A few weeks ago, Tiger Woods walked away with his 5th Masters Tournament – his first title after a long and grueling 11-year dry spell. This win was a major comeback for him after dealing with not only the loss of his reputation due to multiple episodes of adultery and DUI arrest because of painkillers, but also 4 back surgeries that left him unable to walk, much less play golf – injuries that appeared to be career-ending.
I wonder if Nike will jump on the winning Tiger bandwagon and rerun the campaign they created back in 2013 promoting Tiger’s often-repeated catchphrase, “Winning takes care of everything.” That commercial generated a LOT of Internet troll heat from people who thought it wildly inappropriate in light of Woods’ marital transgressions and sex and drug addictions. They argued that “winning” at golf doesn’t forgive ALL, doesn’t FIX everything. And to a certain extent, they’re right. Tiger went from being a champion who had it all – a model wife, beautiful healthy children, money, fame, sponsors and an incredible career – to becoming the shameful butt of multiple jokes. (Did you hear Tiger changed his name to Cheetah?) But the biggest reason for his fall from grace? He stopped winning. Sponsors, promoters, manager can tolerate a LOT of misbehavior when you’re a cash cow. Once that well dries up? Well…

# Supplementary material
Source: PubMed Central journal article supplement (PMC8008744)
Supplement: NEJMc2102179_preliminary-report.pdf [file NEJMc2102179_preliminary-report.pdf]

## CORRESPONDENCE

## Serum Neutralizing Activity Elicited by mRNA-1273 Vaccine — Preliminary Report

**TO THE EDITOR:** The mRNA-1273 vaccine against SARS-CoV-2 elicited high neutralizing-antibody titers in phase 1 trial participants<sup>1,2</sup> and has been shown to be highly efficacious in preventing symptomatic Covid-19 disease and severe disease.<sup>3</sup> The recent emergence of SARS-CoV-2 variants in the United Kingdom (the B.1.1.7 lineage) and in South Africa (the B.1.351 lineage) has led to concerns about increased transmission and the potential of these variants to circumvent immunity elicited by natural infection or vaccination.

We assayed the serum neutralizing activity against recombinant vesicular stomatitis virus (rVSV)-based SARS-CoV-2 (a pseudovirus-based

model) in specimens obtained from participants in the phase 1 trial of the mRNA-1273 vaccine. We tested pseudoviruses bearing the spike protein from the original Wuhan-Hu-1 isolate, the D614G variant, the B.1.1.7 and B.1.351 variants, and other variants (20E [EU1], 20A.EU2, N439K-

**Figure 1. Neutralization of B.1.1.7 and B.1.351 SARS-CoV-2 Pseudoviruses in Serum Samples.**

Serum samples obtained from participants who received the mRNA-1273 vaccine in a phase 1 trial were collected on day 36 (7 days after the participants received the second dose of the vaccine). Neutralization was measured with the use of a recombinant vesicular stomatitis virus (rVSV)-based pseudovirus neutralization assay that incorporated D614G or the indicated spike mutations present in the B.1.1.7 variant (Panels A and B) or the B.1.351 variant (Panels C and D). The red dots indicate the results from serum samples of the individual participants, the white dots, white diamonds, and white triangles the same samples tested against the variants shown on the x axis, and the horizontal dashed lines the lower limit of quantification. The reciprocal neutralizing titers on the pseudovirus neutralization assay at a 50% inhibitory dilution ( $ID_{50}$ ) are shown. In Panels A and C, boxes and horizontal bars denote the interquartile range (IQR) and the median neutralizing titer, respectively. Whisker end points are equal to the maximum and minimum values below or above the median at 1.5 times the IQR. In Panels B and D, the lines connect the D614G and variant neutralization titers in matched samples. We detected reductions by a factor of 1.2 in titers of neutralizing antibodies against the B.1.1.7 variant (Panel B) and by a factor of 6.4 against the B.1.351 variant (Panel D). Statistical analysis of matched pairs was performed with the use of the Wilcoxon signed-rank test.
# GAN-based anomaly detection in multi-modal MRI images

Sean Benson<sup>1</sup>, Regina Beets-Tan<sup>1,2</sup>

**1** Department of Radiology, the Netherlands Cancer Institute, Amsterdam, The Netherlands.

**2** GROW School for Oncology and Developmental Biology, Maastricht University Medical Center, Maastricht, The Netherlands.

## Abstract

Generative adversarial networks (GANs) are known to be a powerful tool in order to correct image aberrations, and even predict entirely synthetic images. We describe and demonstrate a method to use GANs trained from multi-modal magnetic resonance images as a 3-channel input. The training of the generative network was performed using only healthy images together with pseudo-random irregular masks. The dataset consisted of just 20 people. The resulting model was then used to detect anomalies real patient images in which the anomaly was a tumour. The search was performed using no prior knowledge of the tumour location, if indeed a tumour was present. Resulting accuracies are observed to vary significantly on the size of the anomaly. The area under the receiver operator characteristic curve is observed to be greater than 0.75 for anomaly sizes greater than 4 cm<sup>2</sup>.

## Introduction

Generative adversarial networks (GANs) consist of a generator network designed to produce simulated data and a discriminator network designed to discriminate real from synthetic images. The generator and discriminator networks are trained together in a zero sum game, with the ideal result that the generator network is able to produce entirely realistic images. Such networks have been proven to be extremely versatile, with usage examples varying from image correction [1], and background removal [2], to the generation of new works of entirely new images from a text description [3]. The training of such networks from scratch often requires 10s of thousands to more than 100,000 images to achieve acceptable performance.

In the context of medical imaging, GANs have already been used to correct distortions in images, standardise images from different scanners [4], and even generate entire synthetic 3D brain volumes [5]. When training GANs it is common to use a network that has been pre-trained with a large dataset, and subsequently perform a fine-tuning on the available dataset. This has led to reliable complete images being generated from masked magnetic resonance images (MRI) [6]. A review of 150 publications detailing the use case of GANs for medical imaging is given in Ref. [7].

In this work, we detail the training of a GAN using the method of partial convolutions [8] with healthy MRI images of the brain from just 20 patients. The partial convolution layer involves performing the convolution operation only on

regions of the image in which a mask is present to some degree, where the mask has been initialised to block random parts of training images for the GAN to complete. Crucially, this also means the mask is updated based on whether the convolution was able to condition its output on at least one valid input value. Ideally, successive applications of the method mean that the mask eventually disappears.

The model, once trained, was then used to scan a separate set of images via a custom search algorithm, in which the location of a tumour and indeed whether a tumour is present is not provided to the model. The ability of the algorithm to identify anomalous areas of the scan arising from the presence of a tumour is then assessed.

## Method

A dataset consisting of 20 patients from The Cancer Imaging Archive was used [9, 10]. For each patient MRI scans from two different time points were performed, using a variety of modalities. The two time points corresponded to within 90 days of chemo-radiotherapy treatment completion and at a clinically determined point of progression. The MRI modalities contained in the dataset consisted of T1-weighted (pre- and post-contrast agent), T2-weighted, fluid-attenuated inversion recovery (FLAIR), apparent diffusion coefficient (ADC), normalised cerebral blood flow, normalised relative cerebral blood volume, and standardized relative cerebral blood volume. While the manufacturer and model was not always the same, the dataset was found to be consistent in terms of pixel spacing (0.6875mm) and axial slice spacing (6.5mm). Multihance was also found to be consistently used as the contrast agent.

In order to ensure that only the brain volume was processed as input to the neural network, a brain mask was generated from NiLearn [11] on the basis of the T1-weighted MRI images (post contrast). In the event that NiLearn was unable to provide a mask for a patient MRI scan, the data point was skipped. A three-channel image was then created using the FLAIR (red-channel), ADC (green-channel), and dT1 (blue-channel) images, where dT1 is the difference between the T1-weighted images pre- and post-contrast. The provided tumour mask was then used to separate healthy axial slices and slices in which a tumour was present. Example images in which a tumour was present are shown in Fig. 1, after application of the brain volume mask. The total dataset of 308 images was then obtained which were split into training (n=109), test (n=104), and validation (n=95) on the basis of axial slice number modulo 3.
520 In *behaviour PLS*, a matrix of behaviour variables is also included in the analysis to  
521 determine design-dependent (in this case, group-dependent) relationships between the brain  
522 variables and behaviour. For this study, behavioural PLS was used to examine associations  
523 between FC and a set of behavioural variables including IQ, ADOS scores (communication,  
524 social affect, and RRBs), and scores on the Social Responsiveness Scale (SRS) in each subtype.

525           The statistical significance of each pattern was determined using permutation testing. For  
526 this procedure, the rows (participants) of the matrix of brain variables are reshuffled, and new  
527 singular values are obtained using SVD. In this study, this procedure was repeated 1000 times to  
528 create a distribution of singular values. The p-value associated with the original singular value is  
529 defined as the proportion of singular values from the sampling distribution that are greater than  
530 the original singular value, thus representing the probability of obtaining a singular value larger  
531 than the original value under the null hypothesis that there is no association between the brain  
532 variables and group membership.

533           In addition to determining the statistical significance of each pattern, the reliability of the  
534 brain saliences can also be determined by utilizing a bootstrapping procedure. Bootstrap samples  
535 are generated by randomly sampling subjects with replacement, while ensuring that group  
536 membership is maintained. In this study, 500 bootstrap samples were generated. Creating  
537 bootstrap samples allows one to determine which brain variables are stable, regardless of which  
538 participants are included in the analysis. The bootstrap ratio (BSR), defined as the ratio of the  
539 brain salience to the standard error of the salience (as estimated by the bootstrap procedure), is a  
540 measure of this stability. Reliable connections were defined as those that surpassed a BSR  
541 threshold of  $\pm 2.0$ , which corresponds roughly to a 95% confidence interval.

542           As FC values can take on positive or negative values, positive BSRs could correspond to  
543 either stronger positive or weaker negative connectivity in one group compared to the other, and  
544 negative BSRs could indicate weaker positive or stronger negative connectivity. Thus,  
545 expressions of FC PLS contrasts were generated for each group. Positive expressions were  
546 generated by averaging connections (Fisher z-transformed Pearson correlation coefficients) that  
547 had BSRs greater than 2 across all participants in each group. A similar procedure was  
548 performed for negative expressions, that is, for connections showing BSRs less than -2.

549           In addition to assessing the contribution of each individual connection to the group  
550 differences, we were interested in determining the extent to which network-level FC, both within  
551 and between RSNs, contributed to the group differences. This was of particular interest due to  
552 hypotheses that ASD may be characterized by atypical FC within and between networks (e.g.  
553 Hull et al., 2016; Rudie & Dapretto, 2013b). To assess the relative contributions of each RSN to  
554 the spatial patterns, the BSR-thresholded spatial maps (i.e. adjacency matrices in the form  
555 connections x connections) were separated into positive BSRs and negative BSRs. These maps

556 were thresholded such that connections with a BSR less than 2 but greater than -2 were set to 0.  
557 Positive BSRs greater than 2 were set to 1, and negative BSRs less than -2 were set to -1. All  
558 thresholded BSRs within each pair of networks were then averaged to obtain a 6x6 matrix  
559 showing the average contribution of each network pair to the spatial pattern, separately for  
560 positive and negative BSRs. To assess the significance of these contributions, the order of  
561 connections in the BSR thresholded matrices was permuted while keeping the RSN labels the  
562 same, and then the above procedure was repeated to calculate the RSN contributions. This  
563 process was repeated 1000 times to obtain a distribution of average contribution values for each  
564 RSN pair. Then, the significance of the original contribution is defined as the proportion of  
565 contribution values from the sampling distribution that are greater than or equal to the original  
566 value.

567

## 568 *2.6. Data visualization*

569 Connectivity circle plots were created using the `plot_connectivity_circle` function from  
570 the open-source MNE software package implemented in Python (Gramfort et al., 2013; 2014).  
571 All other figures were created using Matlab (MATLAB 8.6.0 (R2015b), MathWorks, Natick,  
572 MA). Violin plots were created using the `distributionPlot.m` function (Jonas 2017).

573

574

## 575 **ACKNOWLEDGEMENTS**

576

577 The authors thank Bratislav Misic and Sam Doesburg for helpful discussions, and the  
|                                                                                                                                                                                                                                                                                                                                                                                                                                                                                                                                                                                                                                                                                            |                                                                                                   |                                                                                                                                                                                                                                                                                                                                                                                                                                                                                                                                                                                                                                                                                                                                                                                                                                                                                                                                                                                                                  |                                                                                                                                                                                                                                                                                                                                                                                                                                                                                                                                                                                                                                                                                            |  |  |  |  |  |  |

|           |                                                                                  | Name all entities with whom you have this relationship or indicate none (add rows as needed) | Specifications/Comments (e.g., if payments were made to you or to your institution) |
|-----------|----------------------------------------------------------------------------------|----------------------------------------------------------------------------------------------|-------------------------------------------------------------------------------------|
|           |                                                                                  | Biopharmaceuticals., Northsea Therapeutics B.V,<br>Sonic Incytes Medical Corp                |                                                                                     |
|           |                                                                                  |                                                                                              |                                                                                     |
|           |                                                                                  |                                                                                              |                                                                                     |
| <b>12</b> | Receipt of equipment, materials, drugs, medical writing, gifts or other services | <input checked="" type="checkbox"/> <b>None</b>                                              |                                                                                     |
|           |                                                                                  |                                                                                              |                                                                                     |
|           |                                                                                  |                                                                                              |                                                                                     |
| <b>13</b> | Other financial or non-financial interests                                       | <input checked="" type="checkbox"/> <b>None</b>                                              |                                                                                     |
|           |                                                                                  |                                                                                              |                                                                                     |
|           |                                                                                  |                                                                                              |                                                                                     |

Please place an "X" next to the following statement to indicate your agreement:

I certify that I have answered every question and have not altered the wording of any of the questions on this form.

Now it appears he’s cleaned up his life and he’s back on track, winning again. Has he learned his lessons from the past, never to be repeated again? A new and repentant Tiger? Who knows. But I do know this: of all the things he could have done to get his old life back, the BEST thing, the smartest thing, the most surefire path to redemption was to start winning again. As the saying goes, money won’t buy you love, but it WILL buy you a mansion, a yacht and a Lamborghini, and then you’ll have to beat love off with a stick. There’s a lot of truth to that, like it or not.